The Importance of the Attachment Bond in Children

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In order to have a secure base from which to explore the world, be resilient to stress, and form meaningful relationships, all infants need a primary adult who cares for them in sensitive ways and who perceives and responds to their needs. This attachment bond is the emotional connection formed between an infant or child and their primary caregiver. While attachment occurs naturally, the quality of that attachment bond varies. A secure attachment ensures your child will feel understood and experience optimal brain development, laying the groundwork for feeling safe, eager to learn, self-aware, trust and empathy. On the other hand, a weak attachment bond can inhibit emotional, mental and even physical development, possibly leading to difficulties in learning and forming relationships later in life.

Don’t worry – forming a secure attachment bond does not require perfect parenting! The most important factor in laying the foundations for a strong bond is the quality of non-verbal communication. While it is easiest to form a secure bond while your child is still an infant, children’s brains continue to develop into their 20s, so it is never too late.

Forming a secure bond of attachment with your child requires you to be attuned to their non-verbal cues: checking for their expressions, sounds and body language and not only interpreting what they are trying to communicate, but reflecting their feeling back to them so they feel understood. For optimal attachment bonding you will want to follow your child’s slower pace and take the time to decipher and respond to your child’s nonverbal cues. You will also want to let the child initiate and end interactions between you.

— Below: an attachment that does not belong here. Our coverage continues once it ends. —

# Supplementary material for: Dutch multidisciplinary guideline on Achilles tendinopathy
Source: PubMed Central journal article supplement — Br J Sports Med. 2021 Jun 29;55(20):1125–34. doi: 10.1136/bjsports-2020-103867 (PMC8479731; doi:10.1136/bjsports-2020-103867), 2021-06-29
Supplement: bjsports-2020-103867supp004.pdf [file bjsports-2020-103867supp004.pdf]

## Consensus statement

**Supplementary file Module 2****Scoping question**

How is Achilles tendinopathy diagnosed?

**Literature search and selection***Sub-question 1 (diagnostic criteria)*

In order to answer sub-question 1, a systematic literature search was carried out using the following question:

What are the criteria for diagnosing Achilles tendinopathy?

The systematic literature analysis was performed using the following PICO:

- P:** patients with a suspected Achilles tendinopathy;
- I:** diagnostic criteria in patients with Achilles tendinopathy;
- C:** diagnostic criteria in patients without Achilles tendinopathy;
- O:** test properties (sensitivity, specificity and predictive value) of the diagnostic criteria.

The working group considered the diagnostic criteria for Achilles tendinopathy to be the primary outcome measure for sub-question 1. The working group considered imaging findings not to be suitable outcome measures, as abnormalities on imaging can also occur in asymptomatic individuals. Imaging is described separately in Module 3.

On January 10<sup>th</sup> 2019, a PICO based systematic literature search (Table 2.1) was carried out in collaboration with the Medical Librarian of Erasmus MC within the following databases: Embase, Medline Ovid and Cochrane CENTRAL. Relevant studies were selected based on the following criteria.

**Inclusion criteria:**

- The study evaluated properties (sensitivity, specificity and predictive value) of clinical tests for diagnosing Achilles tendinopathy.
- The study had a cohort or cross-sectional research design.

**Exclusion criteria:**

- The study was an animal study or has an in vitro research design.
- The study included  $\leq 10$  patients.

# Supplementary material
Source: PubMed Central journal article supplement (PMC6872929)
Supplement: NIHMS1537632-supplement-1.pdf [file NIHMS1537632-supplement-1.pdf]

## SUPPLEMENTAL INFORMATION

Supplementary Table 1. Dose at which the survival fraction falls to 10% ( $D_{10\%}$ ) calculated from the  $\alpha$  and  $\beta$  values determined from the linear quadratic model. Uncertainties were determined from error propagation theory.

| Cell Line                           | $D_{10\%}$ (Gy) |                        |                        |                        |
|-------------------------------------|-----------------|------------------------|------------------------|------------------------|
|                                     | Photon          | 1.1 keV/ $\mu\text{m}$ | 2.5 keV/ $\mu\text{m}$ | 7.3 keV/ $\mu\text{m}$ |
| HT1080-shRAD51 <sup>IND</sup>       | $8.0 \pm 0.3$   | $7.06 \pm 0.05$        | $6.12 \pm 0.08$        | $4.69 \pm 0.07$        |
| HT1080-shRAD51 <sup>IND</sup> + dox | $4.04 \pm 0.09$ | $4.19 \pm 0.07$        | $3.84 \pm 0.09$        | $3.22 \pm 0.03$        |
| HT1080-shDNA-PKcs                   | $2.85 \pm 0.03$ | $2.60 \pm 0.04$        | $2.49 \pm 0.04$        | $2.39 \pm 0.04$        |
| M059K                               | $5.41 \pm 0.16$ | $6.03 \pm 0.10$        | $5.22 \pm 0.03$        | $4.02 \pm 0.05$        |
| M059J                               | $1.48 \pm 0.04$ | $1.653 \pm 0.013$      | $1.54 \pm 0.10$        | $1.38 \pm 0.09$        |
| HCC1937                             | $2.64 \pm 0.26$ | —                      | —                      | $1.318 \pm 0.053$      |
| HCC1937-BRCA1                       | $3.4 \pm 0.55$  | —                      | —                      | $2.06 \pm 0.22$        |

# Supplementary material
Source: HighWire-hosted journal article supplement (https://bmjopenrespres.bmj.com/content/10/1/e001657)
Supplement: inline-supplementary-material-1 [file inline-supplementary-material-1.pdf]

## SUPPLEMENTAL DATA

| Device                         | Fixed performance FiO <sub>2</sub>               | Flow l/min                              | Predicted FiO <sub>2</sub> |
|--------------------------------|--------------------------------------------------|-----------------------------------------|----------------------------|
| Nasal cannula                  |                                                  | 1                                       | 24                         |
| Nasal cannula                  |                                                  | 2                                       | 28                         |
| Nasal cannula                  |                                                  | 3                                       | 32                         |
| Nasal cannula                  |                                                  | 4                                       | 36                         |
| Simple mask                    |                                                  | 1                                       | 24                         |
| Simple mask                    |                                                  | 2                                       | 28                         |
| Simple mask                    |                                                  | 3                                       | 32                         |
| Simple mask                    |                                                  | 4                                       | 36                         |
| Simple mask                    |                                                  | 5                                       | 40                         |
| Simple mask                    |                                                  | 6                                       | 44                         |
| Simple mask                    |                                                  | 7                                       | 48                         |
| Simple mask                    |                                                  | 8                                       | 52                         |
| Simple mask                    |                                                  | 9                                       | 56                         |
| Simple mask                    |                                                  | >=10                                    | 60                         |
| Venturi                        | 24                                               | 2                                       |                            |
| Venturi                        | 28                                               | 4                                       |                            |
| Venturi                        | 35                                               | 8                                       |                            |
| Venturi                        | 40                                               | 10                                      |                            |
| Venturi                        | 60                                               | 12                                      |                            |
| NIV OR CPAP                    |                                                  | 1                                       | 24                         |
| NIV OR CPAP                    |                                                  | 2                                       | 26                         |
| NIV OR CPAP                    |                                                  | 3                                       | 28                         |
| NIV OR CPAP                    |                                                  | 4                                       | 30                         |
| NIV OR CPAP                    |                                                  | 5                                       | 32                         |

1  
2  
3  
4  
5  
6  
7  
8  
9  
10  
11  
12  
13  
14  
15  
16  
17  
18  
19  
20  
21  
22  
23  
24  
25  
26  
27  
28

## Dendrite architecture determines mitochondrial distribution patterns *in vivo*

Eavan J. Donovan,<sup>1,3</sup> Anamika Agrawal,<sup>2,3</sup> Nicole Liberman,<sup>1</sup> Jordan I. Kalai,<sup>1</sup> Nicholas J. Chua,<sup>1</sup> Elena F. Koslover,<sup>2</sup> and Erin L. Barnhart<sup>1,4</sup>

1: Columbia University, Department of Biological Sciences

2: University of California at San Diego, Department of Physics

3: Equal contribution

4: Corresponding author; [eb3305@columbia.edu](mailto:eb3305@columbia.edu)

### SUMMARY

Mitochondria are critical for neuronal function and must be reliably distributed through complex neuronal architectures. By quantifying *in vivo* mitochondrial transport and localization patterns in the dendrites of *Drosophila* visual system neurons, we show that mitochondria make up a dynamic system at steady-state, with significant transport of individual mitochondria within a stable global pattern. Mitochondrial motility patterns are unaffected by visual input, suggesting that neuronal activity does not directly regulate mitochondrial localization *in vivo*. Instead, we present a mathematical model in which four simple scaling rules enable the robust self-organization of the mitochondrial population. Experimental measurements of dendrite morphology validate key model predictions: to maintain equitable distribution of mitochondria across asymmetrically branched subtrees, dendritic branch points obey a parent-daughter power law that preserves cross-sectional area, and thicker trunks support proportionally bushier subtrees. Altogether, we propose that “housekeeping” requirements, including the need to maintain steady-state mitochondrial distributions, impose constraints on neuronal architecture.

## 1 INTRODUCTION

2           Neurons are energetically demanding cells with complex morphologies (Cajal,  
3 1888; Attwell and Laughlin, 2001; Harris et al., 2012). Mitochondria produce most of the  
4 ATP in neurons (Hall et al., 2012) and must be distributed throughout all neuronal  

Possible Obstacles to forming a Secure Attachment Bond

  • Adopted babies or those who spend time in hospital away from a parent may have early life experiences that leave them feeling stressed.
  • Infants who never seem to stop crying—fists clenched, and bodies rigid—may have difficulty experiencing soothing cues
  • A child gets attention only by acting out or displaying other extreme behaviours.
  • Inconsistent parenting- sometimes the child’s needs are met and sometimes they aren’t. The child never knows what to expect.
  • A child is moved from one caregiver to another
  • A child is mistreated or abused.

The mental and emotional state of the caregiver can also impact on the attachment bond. A parent suffering from anxiety, depression, illness or trauma, or who did not have a healthy bond with their own caregiver, or simply a parent who is extremely busy and distracted can have greater difficulty forming this bond of attachment with their child.

The fundamental building block of the bond of attachment is non-verbal communication. Nonverbal cues are communicated by tone of voice, touch, or facial expression. A child’s primary caretaker brings all of these qualities together creating a sense of recognition, safety, and comfort for a child.

Written by: Rosann Nerenberg, Canadian certified family educator